General documentation / cheat sheets for various languages and services


It’s unclear what features were introduced with this release, or if it was just an assurance of stability.

1.1 CTP (Community Technology Preview)

This release offers no new features, but improves compilation speed by around 4x.




Tuple types

var bounds: [number, number, number, number] = [10, 10, 100, 100];
var top_left = new Point(bounds[0], bounds[1]);

Generic tuple types are awkward. Even with type aliases from 1.4, the following is invalid:

type MatchResult<T> = [RegExp, T]  // Syntax Error!

Instead, we must use the bulkier interface syntax:

export interface MatchResult<T> extends Array<RegExp | T> {
  0: RegExp;
  1: T;

1.4 (sneak peek)

Union Types

function join(text: string | string[]) {
  return Array.isArray(text) ? text.join('') : text;

Type Guards

Use typeof and instanceof to type-check at runtime, and the TypeScript compiler will (should) infer the more specific type for the duration of the check’s scope.

function add1(arg: number | string) {
  if (typeof arg === "number") {
    return arg + 1;
  else {
    return arg + 'one';

This works only on union types, not on a type hierarchy, but you can specify a class and its subclasses as a union type when needed.

Type Aliases

type ErrorCallback = (error?: Error) => void;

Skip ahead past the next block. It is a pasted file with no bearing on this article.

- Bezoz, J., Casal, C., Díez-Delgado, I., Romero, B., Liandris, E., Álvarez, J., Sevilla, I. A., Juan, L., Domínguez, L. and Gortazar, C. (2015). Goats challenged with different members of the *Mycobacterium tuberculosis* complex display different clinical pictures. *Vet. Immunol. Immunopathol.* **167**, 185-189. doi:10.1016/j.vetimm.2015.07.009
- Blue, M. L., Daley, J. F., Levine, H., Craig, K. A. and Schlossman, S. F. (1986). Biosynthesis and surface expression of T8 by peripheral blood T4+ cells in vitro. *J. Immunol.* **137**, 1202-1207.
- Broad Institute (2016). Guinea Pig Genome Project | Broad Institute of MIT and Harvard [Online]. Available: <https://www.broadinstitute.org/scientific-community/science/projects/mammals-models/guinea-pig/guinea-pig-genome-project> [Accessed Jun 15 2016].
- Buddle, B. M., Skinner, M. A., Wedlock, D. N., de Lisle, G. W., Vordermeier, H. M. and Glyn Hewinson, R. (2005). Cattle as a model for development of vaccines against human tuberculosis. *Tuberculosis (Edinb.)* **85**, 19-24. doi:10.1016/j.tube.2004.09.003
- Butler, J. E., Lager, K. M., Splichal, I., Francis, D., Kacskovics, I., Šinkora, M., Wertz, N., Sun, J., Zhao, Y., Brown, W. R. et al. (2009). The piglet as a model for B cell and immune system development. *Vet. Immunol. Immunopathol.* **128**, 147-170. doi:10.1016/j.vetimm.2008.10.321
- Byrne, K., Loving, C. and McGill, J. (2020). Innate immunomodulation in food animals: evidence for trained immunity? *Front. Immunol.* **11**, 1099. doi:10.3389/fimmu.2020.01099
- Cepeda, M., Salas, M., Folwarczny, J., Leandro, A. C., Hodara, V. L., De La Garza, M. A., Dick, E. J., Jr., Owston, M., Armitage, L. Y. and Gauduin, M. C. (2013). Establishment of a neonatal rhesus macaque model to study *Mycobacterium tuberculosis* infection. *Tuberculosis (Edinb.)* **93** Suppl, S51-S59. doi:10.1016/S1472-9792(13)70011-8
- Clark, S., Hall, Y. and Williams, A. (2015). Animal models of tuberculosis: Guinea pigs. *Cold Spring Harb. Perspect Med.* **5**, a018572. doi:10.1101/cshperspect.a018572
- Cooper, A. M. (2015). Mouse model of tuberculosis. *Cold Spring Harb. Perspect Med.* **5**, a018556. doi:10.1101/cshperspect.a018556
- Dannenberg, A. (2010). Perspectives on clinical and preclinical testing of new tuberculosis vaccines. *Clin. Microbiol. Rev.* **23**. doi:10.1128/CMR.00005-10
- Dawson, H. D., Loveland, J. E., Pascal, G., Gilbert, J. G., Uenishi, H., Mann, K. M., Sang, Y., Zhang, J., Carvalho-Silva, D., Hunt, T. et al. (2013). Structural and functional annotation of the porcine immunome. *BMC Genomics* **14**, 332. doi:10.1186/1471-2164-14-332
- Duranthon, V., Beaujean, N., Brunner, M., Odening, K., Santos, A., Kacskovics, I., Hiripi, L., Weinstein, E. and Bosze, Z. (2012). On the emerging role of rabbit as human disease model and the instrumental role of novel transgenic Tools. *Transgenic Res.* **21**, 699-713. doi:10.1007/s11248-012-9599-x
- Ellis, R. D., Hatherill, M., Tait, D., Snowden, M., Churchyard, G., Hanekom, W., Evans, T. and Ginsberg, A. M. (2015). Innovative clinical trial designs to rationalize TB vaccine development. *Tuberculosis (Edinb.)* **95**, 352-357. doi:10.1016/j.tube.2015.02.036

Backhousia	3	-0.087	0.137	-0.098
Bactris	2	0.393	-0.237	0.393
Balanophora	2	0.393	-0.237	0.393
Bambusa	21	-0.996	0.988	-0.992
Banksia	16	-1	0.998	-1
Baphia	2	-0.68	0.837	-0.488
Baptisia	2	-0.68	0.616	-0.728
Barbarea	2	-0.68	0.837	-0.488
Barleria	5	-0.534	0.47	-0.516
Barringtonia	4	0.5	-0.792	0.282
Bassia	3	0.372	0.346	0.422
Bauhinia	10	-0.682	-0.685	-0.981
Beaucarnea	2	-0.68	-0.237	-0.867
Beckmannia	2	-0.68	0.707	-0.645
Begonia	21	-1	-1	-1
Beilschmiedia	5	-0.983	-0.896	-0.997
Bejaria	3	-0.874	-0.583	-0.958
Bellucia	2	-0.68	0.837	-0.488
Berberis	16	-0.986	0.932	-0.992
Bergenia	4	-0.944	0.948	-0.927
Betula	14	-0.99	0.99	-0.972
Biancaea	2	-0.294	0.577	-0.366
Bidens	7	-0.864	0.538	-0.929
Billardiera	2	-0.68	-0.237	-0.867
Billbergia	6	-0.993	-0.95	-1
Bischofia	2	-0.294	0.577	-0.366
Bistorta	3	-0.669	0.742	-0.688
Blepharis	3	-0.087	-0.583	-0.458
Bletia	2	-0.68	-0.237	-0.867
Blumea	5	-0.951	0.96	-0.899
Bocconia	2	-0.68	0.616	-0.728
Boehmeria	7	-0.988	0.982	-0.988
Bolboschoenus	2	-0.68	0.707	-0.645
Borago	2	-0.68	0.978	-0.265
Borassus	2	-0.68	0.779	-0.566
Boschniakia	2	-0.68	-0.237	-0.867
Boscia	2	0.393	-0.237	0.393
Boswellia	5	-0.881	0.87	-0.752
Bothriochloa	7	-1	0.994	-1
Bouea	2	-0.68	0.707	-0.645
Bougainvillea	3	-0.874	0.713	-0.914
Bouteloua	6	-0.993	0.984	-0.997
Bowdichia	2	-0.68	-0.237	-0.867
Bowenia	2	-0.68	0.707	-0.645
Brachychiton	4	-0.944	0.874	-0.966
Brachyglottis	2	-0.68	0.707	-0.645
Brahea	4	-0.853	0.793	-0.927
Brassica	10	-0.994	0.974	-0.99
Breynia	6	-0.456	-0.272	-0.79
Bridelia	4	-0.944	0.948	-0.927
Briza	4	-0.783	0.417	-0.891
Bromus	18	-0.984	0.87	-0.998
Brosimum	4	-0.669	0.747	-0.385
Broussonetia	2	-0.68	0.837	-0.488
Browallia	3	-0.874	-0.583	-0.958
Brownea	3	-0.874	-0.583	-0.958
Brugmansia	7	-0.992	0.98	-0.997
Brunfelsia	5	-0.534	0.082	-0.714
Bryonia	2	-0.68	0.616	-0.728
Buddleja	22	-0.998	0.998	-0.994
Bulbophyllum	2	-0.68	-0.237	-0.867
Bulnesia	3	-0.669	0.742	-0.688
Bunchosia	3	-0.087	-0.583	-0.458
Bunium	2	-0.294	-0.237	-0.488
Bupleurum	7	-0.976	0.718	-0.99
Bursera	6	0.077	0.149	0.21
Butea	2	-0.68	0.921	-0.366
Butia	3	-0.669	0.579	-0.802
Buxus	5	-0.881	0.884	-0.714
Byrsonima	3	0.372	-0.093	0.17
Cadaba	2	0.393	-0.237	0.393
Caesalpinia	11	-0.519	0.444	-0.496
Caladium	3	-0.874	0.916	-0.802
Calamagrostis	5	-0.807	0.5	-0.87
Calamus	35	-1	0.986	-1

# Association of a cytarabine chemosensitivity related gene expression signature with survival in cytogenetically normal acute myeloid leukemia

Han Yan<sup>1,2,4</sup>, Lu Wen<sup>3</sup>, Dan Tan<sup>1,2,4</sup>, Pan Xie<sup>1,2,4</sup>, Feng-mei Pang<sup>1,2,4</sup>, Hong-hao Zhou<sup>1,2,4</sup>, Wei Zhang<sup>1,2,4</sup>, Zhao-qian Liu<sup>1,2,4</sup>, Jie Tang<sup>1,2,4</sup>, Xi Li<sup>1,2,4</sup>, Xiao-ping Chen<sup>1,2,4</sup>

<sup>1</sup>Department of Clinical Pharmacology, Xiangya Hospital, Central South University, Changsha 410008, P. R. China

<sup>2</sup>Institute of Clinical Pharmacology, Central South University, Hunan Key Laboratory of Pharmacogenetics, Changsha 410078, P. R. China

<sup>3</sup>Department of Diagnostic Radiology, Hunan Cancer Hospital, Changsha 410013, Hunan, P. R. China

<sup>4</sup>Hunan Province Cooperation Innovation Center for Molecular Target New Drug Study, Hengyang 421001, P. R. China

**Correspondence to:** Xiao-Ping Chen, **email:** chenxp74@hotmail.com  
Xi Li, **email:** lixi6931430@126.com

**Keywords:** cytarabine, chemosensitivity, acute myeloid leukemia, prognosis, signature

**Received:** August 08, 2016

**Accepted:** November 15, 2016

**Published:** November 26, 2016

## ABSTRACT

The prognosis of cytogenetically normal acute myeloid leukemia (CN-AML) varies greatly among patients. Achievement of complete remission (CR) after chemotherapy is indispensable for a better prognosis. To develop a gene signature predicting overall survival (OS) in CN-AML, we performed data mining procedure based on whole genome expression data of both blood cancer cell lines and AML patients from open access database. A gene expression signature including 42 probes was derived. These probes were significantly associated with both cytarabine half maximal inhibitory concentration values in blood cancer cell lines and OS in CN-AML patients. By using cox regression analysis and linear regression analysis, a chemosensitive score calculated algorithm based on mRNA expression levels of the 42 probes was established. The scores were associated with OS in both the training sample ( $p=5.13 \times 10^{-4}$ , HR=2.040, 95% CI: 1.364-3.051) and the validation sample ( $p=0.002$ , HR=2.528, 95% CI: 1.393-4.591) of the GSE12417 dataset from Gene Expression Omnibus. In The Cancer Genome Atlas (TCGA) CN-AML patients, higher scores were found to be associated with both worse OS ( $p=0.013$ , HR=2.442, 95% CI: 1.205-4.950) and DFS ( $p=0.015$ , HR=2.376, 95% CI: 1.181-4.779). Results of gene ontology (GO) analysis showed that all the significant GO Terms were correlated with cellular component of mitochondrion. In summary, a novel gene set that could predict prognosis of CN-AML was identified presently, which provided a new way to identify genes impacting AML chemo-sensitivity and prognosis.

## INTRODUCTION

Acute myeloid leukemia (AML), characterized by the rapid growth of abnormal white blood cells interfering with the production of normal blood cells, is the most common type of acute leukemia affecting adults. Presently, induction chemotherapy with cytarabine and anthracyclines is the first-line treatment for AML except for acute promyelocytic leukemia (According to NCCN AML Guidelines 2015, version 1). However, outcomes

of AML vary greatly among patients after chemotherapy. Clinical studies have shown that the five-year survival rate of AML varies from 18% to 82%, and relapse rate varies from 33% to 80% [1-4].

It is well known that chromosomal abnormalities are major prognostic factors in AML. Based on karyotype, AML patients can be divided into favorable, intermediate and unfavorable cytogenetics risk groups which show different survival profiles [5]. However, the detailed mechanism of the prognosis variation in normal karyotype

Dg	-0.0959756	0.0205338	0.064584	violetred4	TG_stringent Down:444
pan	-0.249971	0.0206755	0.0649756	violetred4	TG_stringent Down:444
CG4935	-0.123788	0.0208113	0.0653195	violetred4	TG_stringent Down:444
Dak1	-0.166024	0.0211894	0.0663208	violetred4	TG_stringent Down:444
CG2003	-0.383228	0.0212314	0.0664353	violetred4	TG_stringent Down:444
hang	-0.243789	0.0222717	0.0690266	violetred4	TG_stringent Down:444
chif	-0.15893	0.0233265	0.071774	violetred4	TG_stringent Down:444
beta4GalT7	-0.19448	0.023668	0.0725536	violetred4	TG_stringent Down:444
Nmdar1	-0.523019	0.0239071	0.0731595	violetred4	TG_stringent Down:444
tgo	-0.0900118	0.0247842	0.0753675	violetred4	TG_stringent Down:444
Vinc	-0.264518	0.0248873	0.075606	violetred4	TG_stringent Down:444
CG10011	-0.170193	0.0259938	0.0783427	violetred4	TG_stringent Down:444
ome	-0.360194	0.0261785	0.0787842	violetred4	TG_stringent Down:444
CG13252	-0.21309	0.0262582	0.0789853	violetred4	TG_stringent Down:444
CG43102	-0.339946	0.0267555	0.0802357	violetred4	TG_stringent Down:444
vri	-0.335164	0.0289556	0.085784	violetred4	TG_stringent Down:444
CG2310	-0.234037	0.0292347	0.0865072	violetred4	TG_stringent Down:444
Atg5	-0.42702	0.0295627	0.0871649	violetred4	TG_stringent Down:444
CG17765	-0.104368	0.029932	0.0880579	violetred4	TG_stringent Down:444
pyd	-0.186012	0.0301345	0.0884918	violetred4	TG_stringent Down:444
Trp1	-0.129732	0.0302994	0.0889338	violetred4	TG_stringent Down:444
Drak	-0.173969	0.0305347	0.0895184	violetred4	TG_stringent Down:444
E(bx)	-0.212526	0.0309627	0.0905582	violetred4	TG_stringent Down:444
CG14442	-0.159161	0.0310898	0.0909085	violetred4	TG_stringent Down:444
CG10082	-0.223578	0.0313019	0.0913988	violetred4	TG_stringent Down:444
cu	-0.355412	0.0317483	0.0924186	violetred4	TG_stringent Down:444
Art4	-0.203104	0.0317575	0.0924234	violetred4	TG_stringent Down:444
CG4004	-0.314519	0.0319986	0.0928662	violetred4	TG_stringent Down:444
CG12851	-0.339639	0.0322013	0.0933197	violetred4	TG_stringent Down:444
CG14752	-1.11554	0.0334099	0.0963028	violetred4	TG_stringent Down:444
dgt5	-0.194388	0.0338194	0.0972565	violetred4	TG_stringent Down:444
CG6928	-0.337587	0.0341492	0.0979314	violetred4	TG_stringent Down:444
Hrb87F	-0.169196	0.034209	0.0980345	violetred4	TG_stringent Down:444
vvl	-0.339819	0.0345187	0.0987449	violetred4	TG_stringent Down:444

Const Enums

Unlike normal enums, Position below will not appear in the Javascript output.

const enum Position { Outside, Beginning, Inside };
var current_position = Position.Outside;


function main() {
  for (let index = 0; index < 10; x++) {
  for (let index = 'a'; index.length < 10; index += '!') {

Template Strings

var point = { x: 10, y: 240 };
console.log(`Drawing point at (${point.x}, ${point.y})`);


ES6 module syntax

import * as util from "util-enhanced";
import { format, inspect } from "util";

Suppose ndarray.ts has an export default class NDArray { ... }. We could import the NDArray class with import NDArray from "ndarray" while allowing other exports to be imported by wildcard or by name.


var [left, right] = pair.split('=');

In function parameters:

function move({x, y}, dx: number, dy: number) {
  return {x: x + dx, y: y + dy};
var originalPoint = {x: 10, y: 10};
var movedPoint = move(originalPoint, 30, 40);
console.log('current location:', movedPoint);
// outputs: "movedPoint == {x: 40, y: 50}"

It will also destructure classes:

class Point {
  constructor(public x: number, public y: number) { }
var pointInstance = new Point(-5, -5);
console.log('current location:', move(pointInstance, 10, 10));
// outputs: "current location: { x: 5, y: 5 }"


Decorators are defined as functions and can be applied, with @myDecorator or @myDecorator('message') syntax, to class definitions, properties within class definitions, functions, or function parameters. Depending on the target, the decorator function should implement one of these signatures:


Memoized getter. Definition:

function memoize<T>(target: Object, propertyKey: string, descriptor: TypedPropertyDescriptor<T>) {
  var get = descriptor.get;
  var memoizedPropertyKey = `_memoized_${propertyKey}`;
  descriptor.get = function() {
    if (!this.hasOwnProperty(memoizedPropertyKey)) {
      this[memoizedPropertyKey] =;
    return this[memoizedPropertyKey];
  return descriptor;


class NumberSeries {